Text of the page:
The Washington Post’s announcement yesterday that the paper will erect a paywall that charges readers who access more than 20 pieces of content per month was probably inevitable. As much as papers and other publications have tried to monetize online viewers, the infrastructure of those publications were built on the revenues from a model that could extract more money from readers: you’re always going to be able to get more money from audiences when, without paying it, they can’t access the information or data they want at all.
But even as publications that were built on subscriber fees collectively move in the direction of paywalls, the ways they design those paywalls say a great deal about what those publications perceive as their strengths and weaknesses. The Post, the paper explained, “will exempt large parts of its audience from having to pay the fees. Its home-delivery subscribers will have free access to all of The Post’s digital products, and students, teachers, school administrators, government employees and military personnel will have unlimited access to the Web site while in their schools and workplaces. Access to The Post’s home page, section front pages and classified ads will not be limited.”
Government employees and military personnel are some of the Post’s bread and butter—other national papers don’t cover issues like federal compensation or government openings and closings the same way the Post does, so the Post’s competitors on those issues are trade publications like my former employer, Government Executive. If the Post was confident that its coverage in those areas was vital to its readers, and that it would beat its competitors, it might make sense for them to keep government employees outside of the paywall rather than giving them a passthrough, because those readers would be a reliable source of revenue. But giving them a loophole suggests that the Post needs their eyes but doesn’t trust this core consumer audience to pay for the content—it’s a sign of weakness where the publication should be strong.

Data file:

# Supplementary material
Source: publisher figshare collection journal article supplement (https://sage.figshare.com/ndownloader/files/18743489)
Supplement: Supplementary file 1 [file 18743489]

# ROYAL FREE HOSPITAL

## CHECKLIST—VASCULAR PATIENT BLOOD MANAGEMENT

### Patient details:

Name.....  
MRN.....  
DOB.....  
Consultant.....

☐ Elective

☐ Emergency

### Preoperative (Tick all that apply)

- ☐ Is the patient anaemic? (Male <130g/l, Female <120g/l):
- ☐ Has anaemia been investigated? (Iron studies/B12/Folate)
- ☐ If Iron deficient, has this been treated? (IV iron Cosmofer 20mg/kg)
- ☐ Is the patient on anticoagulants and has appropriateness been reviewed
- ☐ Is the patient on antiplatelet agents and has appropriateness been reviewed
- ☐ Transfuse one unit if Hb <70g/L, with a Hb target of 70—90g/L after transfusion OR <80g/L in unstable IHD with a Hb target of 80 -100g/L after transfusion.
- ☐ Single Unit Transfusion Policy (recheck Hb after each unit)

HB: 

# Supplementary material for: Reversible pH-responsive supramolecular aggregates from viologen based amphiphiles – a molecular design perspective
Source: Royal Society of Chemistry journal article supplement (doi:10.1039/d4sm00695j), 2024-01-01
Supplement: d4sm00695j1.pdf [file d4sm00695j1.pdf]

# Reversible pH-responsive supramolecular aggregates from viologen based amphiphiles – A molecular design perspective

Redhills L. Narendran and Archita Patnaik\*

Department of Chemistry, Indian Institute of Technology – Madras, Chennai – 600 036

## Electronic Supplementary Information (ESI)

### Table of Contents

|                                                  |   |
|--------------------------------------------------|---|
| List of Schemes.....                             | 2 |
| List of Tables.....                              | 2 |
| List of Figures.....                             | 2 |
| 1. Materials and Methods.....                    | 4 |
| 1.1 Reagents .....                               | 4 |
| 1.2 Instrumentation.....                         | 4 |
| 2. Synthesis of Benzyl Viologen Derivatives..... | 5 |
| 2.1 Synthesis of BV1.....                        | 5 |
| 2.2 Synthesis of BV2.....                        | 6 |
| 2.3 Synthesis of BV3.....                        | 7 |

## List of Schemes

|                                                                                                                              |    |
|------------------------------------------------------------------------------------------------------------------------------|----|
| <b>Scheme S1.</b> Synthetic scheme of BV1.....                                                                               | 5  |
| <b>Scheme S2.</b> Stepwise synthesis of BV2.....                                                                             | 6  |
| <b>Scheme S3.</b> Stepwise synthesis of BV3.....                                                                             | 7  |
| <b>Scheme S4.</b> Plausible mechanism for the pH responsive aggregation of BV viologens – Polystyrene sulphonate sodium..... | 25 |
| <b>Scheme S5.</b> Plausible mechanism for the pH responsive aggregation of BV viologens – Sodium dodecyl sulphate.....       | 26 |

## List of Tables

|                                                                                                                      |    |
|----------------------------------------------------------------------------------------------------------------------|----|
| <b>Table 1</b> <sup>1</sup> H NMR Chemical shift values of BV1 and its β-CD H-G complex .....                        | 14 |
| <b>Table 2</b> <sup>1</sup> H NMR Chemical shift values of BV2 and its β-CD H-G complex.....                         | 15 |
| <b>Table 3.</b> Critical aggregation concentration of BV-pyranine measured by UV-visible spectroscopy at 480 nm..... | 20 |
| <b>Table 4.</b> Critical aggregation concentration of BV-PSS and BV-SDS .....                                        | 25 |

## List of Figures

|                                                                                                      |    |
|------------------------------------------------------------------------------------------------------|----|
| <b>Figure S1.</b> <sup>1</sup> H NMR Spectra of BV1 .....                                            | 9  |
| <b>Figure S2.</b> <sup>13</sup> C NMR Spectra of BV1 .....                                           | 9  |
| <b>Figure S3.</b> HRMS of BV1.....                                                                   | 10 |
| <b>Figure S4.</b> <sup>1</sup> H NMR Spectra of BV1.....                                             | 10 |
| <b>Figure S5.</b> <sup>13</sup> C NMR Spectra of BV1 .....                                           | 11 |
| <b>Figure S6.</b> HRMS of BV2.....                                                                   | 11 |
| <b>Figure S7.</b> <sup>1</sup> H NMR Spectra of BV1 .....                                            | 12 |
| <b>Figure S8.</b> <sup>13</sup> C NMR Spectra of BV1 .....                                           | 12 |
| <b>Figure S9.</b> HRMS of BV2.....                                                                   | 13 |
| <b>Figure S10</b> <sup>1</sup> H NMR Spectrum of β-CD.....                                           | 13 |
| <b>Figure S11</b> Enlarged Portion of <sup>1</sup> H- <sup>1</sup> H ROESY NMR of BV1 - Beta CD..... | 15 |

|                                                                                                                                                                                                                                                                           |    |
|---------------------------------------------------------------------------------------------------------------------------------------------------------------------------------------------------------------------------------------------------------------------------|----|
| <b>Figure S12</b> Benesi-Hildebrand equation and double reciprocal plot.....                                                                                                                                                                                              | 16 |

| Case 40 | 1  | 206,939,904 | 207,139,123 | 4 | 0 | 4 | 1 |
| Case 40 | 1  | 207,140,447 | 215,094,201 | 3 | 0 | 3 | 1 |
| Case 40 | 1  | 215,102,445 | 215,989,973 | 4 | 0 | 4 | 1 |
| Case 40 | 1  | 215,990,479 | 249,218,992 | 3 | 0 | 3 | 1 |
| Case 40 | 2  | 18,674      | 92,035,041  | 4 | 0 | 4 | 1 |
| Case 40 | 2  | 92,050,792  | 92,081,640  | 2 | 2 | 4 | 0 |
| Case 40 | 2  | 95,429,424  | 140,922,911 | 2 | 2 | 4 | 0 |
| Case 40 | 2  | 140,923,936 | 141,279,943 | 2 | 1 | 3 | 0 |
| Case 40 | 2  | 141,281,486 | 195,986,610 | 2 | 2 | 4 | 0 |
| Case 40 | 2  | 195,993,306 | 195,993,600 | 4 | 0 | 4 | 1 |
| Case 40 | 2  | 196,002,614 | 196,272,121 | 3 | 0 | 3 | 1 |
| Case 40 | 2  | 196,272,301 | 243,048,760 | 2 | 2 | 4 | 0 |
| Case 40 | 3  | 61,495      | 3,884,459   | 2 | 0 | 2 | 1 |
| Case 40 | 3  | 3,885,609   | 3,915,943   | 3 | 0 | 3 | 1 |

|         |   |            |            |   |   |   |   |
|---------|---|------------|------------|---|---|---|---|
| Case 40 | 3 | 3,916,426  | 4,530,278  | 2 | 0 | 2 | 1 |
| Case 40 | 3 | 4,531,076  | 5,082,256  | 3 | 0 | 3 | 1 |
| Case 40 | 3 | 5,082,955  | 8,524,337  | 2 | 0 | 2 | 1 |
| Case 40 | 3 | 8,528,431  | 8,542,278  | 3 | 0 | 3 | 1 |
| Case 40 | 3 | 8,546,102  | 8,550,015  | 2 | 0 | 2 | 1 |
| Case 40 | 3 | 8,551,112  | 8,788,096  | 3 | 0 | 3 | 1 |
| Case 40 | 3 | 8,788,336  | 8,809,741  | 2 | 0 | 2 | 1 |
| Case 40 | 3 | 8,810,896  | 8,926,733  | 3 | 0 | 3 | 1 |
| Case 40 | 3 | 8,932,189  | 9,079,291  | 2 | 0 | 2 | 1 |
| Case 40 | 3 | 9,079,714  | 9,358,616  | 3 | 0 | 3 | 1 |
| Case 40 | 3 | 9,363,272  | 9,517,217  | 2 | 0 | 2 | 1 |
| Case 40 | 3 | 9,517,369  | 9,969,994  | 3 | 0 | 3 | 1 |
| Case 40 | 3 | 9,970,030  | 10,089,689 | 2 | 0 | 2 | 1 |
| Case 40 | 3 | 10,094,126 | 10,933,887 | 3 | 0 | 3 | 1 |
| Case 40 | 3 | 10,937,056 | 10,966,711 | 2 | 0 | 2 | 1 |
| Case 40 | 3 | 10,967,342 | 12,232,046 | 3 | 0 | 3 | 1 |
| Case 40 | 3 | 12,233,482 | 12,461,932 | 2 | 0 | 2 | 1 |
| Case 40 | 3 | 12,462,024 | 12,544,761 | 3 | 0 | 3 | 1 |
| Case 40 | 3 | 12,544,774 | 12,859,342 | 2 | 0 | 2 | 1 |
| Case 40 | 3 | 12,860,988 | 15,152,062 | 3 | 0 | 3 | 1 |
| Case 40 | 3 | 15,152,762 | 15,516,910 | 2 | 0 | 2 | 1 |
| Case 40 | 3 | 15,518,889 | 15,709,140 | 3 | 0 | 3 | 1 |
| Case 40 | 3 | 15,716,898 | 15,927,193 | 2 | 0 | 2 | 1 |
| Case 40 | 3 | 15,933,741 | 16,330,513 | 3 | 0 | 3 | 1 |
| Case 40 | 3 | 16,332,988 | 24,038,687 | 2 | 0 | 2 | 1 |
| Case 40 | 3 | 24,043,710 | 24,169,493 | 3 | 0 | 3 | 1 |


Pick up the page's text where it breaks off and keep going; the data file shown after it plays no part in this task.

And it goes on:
It also remains to be seen, I think, how the Post will handle its online-first properties, like Ezra Klein’s Wonkblog. While paywalls are an attempt to recreate the subscription model for the internet age, things like Wonkblog or Max Fisher’s blog lived online first, and trying to move them into a new business model might split up their readership. Paywalling them would be a retreat from the Post’s ventures into digital development, a sign that the company is continuing to have trouble running a mixed strategy. The New York Times’ move to a paywall demonstrated that, even if the paper has had to continue buyouts and reduced ambitions, its core readership remains relatively strong and committed. The Post’s paywall comes with lower expectations in the form of its loopholes than the Times’ has. But even with that curve, I’ll be curious to see what the paper’s final grade turns out to be.